Buenos Aires is a city of surprises. For starters, did you know the charming capital of Argentina has more bookstores per person than any other city in the world? In the collective imagination of Buenos Aires, the old cafes are an oasis where the Porteños love flipping through books and drinking a cortado. This is a romantic place, with coffee bars set beneath a canopy of bluish purple flowers from the Jacaranda trees. Some of these coffee shops are a hundred years old or more and were once haunts of Argentinian icons such as writer Jorge Luis Borges and tango singer Carlos Gardel.
It may be no shock to learn that the beverages in these classic cafes are a bit stuck in the past, and almost beside the point—like the historic cafes of Vienna or the kissaten of Tokyo, these spaces are not modeled off of new wave coffee standards. But on a recent trip to Buenos Aires, I discovered—surprise—a new generation of baristas and roasters willing to challenge the status quo and bring coffee in this city up to a new set of standards. The irresistible beat of delicious coffee is dancing a tango through the streets of Buenos Aires—here are seven places to start your trip.
Inside San Telmo’s market, located in the old San Telmo neighborhood, one can find antique pieces of crockery and cutlery, vintage toys, fruit, fish, and a range of spices alongside rare Patagonian products. And behold, wonder of wonders, this market boasts an excellent coffee bar that roasts its own coffee. Coffee Town is considered a pioneer of specialty coffee in Argentina, and their menu of coffees—from South America and Africa—has helped drive interest from a city far better known for its bevy of fine wine lists.
Coffee Town was founded by José Vales, a former journalist who got involved with the coffee world 10 years ago after traveling through Central America. He took courses in Colombia, Guatemala, and Brazil before founding a coffee academy back in Buenos Aires in 2010. Vales opened this Coffee Town location in the San Telmo market in 2012. “In the early times,” he tells me, “the customers were surprised with the taste of my coffees, they asked me what that was.” It’s a story heard all around the world, as a new outlook on coffee slowly earns favor with the local audience. Coffee Town has been a huge part of that story, and they even boast a national champion, Augustina Román, who represented Argentina at the 2013 World Barista Championship.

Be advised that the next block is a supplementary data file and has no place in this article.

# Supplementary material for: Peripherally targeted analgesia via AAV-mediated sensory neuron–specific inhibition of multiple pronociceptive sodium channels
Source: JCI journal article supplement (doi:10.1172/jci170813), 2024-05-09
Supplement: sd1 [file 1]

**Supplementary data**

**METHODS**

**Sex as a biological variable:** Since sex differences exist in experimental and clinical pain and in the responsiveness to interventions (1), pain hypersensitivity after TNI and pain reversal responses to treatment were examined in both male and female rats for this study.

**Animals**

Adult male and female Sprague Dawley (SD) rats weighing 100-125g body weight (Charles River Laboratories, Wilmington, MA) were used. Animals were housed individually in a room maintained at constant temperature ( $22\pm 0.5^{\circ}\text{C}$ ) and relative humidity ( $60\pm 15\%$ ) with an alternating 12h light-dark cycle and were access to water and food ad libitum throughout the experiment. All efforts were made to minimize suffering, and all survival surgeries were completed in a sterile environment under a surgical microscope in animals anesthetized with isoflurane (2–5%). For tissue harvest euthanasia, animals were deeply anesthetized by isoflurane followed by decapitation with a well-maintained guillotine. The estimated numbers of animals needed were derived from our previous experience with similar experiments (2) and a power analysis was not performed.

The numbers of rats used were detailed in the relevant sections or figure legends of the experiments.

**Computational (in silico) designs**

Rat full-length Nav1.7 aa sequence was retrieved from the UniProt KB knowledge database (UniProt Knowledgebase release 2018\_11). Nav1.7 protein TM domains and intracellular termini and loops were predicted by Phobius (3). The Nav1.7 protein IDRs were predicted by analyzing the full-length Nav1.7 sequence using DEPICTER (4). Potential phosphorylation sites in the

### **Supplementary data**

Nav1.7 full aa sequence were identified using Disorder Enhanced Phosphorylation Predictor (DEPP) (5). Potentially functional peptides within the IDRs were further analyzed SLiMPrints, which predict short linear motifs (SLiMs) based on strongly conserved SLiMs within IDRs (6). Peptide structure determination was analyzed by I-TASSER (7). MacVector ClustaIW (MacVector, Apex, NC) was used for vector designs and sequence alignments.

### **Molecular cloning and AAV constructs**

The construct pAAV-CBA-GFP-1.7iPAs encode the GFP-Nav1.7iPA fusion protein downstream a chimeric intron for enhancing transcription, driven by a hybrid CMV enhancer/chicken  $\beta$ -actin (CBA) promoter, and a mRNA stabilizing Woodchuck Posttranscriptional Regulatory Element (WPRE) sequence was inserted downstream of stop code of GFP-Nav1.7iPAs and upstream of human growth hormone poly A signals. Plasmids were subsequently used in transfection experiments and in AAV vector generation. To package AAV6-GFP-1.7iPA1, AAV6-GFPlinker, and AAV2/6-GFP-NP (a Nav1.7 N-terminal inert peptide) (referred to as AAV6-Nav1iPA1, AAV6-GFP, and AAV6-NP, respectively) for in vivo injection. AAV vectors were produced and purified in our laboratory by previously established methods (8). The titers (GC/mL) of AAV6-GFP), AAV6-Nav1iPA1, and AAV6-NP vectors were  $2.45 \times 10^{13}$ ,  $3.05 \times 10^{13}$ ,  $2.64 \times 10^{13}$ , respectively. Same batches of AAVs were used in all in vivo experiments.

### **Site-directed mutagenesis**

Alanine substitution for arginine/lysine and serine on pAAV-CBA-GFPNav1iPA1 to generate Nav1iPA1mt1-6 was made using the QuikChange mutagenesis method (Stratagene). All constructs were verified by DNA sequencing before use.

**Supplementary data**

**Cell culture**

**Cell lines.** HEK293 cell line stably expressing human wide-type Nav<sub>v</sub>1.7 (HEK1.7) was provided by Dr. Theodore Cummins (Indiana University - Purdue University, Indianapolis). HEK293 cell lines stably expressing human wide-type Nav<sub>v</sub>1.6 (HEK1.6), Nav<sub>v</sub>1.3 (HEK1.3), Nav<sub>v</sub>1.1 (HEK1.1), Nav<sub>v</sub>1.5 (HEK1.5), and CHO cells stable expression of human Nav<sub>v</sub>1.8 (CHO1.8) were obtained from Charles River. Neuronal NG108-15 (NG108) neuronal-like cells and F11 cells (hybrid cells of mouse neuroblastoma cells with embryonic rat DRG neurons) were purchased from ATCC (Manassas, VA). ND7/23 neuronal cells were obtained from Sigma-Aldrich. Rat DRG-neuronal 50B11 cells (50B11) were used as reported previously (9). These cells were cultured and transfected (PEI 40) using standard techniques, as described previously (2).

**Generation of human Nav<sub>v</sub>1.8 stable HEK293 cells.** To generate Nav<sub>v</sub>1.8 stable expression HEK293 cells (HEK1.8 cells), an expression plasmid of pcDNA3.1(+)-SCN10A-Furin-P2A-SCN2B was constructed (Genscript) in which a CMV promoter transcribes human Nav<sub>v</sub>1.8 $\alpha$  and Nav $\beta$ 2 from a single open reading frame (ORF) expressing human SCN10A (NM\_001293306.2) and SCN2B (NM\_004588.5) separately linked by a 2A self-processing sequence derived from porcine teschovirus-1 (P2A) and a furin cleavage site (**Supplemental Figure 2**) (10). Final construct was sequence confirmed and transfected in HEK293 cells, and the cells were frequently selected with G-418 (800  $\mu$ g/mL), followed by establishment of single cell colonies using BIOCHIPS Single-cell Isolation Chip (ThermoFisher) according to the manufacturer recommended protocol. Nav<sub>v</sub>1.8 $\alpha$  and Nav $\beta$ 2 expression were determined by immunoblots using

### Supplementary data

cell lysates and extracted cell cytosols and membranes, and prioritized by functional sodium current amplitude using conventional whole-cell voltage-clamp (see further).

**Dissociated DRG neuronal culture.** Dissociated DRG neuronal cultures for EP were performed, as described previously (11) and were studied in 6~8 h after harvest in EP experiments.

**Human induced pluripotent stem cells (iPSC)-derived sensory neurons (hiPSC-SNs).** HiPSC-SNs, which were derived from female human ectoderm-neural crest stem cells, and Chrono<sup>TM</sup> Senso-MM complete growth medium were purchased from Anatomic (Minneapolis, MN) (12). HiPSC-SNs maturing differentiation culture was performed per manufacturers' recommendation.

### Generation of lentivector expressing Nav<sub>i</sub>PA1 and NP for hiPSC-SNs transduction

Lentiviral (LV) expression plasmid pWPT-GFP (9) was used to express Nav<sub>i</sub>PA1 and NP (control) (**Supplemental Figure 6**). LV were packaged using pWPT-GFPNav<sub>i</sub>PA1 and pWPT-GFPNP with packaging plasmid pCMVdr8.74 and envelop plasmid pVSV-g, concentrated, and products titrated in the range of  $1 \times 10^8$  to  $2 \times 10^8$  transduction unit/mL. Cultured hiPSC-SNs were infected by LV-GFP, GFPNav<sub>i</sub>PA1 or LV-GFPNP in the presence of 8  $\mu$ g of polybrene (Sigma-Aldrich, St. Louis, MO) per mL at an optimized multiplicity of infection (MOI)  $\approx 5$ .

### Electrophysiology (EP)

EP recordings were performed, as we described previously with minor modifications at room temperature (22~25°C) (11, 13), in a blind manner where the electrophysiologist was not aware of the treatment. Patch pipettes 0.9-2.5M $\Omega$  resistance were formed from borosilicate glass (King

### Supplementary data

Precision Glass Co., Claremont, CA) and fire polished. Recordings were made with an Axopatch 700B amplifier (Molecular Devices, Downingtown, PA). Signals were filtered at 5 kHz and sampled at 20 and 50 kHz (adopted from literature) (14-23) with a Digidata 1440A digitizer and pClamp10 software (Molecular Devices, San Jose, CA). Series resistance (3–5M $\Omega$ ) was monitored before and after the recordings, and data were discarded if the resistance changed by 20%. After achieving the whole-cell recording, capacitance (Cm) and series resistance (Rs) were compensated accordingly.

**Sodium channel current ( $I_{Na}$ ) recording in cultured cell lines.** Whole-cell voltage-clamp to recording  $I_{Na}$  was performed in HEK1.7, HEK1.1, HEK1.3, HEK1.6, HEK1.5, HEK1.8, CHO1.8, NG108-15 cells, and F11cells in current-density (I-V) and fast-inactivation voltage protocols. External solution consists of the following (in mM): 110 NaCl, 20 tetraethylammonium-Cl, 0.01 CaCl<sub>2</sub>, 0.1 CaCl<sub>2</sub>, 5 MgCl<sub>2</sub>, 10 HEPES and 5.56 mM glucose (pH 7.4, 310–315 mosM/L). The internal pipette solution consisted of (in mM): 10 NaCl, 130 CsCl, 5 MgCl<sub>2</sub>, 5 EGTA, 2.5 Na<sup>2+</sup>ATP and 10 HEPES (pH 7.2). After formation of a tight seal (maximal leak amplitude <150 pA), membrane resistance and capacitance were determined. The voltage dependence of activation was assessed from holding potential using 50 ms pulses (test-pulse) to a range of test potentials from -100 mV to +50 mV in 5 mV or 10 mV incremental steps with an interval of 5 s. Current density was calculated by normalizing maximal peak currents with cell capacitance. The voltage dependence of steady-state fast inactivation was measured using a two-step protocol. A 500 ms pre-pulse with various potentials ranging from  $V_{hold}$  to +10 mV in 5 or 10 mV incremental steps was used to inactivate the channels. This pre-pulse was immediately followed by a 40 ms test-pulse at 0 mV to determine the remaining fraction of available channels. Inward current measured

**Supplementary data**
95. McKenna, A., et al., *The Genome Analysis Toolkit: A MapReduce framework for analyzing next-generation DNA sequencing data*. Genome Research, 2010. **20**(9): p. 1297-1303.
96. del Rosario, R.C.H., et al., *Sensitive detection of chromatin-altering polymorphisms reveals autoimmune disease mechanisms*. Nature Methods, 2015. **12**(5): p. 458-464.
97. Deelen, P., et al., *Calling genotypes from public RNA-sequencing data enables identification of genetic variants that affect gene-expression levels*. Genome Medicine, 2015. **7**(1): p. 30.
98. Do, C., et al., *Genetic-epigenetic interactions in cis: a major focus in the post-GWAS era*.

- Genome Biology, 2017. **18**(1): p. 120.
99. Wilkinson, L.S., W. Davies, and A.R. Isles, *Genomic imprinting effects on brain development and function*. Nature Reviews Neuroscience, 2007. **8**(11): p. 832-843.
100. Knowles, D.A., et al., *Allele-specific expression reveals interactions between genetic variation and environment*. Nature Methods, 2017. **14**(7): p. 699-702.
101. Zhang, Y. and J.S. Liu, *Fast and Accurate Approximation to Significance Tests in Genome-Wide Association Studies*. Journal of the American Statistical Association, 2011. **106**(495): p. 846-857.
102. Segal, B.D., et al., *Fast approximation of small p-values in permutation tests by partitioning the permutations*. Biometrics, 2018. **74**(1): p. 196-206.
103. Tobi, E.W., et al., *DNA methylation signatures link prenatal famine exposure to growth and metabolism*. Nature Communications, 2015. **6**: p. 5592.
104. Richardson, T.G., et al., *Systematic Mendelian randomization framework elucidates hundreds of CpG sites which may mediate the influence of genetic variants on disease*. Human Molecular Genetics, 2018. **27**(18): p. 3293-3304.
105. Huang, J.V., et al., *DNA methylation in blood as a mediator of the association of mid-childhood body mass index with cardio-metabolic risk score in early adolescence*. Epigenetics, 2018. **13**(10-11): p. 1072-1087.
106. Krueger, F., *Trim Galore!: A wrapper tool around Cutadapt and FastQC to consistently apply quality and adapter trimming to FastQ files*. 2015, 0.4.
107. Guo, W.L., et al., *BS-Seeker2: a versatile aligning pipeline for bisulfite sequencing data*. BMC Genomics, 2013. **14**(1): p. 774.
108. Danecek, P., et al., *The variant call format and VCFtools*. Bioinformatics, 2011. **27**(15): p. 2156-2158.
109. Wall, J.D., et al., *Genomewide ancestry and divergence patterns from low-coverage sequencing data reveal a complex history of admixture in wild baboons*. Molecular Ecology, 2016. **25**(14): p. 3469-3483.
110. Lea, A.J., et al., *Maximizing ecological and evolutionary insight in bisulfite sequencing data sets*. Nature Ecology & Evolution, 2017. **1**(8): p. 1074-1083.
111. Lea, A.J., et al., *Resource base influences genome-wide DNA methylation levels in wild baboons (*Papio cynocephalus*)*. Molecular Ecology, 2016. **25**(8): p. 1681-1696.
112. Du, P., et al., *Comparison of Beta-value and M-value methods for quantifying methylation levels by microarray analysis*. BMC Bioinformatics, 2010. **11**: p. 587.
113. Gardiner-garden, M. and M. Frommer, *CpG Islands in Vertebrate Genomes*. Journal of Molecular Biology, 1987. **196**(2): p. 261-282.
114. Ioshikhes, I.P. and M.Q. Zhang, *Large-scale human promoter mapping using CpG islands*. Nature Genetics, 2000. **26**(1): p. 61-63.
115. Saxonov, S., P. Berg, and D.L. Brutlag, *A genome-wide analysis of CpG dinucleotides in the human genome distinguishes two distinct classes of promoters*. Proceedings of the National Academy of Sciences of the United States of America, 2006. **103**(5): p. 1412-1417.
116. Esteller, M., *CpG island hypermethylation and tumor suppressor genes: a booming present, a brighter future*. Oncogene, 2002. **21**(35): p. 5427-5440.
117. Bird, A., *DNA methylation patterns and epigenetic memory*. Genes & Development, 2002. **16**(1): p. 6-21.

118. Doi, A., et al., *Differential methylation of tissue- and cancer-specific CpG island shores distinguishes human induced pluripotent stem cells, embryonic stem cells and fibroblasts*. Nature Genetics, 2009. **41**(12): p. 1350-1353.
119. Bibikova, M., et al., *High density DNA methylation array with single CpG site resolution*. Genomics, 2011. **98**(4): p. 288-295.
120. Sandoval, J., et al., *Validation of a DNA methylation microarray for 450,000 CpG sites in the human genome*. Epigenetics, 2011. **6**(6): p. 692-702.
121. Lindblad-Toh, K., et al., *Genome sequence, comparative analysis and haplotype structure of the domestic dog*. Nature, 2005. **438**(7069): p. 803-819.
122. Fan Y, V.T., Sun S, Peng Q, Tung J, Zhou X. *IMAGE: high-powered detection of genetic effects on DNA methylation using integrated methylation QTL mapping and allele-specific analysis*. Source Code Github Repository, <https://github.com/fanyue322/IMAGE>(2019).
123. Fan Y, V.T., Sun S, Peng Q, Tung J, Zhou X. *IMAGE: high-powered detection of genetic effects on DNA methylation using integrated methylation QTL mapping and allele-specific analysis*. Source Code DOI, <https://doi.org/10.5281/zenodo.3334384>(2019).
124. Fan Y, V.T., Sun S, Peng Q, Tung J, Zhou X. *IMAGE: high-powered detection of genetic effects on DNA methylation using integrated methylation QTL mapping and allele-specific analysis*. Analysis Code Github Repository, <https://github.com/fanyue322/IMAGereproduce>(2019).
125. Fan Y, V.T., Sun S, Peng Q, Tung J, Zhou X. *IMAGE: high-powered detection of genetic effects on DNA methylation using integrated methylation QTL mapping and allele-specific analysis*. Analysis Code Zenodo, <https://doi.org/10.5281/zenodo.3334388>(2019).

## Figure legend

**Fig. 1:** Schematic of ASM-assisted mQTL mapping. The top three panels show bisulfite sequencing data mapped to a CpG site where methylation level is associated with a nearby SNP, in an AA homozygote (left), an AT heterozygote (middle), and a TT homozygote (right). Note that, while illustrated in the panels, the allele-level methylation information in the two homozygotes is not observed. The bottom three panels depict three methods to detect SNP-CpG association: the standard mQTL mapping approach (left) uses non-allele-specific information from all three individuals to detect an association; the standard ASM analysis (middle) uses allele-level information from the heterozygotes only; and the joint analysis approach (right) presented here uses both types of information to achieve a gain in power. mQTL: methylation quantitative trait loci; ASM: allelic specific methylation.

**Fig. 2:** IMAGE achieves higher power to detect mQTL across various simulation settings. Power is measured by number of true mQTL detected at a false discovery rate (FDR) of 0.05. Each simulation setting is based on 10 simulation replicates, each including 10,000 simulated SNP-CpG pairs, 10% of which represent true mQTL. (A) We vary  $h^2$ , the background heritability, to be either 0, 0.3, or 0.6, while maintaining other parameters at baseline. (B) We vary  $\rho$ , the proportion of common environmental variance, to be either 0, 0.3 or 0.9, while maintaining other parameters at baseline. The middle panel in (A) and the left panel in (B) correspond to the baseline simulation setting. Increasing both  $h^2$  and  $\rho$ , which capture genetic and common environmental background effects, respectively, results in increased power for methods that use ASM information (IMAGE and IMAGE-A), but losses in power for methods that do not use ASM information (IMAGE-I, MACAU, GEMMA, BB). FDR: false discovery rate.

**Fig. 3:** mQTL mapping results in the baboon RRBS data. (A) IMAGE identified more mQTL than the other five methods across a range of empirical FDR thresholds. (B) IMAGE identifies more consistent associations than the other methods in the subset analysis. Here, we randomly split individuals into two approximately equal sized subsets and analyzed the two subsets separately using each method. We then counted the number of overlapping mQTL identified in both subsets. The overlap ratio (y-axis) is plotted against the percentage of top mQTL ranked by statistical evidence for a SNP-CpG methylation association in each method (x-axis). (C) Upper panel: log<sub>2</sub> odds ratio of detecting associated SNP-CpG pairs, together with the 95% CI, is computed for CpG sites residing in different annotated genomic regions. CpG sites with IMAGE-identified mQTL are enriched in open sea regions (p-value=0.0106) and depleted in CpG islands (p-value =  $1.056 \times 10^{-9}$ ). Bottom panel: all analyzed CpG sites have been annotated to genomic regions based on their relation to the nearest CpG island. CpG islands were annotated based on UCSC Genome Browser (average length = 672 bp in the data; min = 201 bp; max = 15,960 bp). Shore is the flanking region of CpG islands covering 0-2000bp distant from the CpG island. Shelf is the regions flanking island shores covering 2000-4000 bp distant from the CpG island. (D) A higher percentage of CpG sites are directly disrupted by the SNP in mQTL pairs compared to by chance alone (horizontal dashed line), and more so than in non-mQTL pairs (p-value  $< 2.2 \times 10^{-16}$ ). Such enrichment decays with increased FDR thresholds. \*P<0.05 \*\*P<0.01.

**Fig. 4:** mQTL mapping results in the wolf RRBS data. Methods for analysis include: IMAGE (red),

Negro Cueva de Café
Located in Micro-Centro (Downtown), Negro Cueva de Café is one of the city’s newest coffee shops, and has been operating for less than one year. This is a small space wedged into a commercial area, offering fine coffees to groups of businessmen and tourists visiting Calle Florida and Galerias Pacifico, two of the city’s more famous shopping areas. “We chose to place our coffee shop at the Micro-Centro because it is an area where many people are in transit, and most of them don’t know or didn’t have the opportunity to be in touch with specialty coffees until now,” says Maria Conte, the shop’s co-founder, who offers a wide range of cakes and toasts to accompany her espressos and brewed coffees.